4. Put the relevant stuff first. Resumes do not need to exist in a single, definitive form; rather, shuffle the order of items on your resume to best fit what you’re applying for. If applying for a scholarship or program for environmental science majors, you should put that leadership role in the environmental club over your captainship of the tennis team. Don’t delete that you were captain, but think to yourself- what will they care about more?
5. Don’t leave out important details. So you’re a member of the history club? Cool. Unfortunately, this in and of itself is not impressive. I even underlined it for emphasis. Instead of leaving it at that, explain what you did with the history club. What were your responsibilities? Did you initiate any projects? How did you actually contribute to the club? Application readers for colleges and scholarship programs want to see depth in your involvement. Unfortunately, Woody Allen’s famous quote (“Eighty percent of success is showing up”) does not apply here.
6. Don’t add unimportant information. The other side of tip #5. If you were a member of the Key Club but did absolutely nothing over your high school career, spare this useless bit of information from your resume(unless you have absolutely nothing else to put down instead, then, by all means). Instead, add detail to the descriptions of groups that you had an actual interest in.
The Teacher Recommendation
7. Fit the teacher to the application. This tip applies when you’re applying for a program in a specific department, or a scholarship with a narrower focus. Applying to a college’s competitive art program? Ask your fine arts teacher to write you a recommendation. A scholarship that has a strong emphasis on community service? Ask the teacher who advises a service-based club that you’re active in. Simple.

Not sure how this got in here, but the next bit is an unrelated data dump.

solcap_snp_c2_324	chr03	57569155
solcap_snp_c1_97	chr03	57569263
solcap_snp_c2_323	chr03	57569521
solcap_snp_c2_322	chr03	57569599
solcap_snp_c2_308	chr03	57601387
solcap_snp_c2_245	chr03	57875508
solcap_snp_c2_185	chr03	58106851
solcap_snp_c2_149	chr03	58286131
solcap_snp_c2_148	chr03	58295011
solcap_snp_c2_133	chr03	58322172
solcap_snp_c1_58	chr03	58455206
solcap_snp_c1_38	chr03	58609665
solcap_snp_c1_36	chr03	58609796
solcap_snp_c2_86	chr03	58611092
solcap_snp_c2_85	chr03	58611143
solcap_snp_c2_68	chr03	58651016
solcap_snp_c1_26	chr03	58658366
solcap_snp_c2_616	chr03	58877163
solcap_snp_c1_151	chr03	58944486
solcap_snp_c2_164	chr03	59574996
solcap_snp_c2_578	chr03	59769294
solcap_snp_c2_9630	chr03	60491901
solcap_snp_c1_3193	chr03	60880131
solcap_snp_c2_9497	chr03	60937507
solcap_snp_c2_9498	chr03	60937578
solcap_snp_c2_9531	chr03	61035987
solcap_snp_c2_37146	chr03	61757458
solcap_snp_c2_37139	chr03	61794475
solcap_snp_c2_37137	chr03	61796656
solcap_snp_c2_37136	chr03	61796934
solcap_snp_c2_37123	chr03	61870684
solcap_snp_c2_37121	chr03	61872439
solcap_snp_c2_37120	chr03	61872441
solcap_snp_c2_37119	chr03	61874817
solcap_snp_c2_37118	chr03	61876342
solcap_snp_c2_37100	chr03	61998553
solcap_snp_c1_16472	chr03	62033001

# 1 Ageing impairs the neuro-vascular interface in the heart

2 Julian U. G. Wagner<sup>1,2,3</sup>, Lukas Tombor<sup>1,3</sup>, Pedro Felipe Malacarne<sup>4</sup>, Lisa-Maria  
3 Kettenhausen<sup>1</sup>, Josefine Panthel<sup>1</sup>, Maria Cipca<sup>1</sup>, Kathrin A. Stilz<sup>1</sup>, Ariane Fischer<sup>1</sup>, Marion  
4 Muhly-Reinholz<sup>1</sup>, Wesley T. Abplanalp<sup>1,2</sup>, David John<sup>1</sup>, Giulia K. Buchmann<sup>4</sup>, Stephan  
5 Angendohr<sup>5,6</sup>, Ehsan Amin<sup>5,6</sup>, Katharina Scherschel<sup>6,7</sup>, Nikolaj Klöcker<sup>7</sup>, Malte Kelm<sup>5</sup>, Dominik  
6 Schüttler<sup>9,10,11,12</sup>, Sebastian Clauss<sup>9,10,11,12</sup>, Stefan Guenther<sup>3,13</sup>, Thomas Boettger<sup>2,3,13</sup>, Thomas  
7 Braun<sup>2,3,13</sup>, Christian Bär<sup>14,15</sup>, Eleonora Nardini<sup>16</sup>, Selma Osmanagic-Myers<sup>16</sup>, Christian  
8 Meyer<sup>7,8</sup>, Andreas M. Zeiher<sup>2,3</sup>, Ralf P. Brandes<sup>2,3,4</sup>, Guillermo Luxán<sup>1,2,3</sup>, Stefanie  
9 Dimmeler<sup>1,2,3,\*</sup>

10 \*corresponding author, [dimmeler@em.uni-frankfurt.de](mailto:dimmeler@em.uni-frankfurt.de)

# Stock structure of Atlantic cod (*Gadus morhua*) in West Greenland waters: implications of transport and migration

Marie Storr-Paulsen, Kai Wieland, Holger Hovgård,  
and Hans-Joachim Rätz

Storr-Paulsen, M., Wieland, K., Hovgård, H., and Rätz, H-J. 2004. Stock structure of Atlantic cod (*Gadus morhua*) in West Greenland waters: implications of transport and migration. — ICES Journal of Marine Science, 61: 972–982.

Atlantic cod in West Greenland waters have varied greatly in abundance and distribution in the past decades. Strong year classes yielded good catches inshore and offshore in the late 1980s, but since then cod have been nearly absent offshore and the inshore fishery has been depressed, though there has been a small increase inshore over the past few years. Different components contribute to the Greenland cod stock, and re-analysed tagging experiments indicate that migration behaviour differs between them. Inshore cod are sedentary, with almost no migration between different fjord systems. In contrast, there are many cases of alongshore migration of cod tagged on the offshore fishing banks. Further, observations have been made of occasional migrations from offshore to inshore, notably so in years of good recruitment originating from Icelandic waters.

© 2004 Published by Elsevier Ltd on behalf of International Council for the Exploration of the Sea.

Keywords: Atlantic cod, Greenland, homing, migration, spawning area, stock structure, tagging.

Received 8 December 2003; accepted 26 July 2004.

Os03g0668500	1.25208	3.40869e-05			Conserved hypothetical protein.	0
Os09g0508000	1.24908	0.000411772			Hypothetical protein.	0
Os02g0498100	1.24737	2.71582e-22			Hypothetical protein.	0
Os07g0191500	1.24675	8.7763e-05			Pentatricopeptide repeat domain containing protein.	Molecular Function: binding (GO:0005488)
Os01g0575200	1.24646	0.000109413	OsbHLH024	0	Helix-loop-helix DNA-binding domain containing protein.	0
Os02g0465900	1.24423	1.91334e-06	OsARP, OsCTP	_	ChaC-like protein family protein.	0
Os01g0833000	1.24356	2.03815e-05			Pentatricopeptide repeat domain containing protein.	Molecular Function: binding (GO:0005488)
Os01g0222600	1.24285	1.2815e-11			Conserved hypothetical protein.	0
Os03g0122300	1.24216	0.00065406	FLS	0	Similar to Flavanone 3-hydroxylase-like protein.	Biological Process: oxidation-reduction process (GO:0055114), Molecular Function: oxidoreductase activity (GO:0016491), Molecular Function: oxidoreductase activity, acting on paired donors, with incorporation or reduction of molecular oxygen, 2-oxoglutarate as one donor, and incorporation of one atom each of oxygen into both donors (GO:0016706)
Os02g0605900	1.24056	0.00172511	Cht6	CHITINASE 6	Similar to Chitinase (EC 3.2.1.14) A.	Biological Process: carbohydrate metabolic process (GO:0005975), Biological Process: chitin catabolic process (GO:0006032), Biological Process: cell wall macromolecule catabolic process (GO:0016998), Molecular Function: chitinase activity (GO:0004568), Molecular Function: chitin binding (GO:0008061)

8. The longer you know them, the better. This one seems pretty self-explanatory. It’s always better to have a recommendation from a teacher you’ve taken 2 or 3 classes with versus a single course. This means they know you better, and thus will be able to write a stronger (more personalized) recommendation.
9. Go with core subject teachers. Let’s be honesty–if you’re applying for a general academic scholarship or general admission (not the type of application mentioned in tip #7), a glowing recommendation from your P.E. teacher might not be the most helpful. Instead, go with a recommendation from a teacher in a subject like biology, English, calculus, or world history. Bonus points if, as mentioned in tip #7, you intend to major in the subject that teacher taught.
10. Be courteous. This is meant in a number of ways. First off, be polite about asking your teacher for a recommendation by offering them an out. If, for whatever reason, they do not want to write you a recommendation, make sure they have the option of not doing it. After all, who would want a lackluster recommendation? This is the one spot where the application reader hears how great you are from someone other than yourself, so it’s pretty important to have a strong rec. Also, be courteous in the sense that you give your teachers enough time to write a recommendation. At the very least, try to give them two weeks, although preferably longer. You want their recommendation to be as well thought-out as possible, and this requires time.
This is by no means an exhaustive guide towards the perfect scholarship application, but will hopefully serve as a good starting point. As always, questions and comments can be posted below!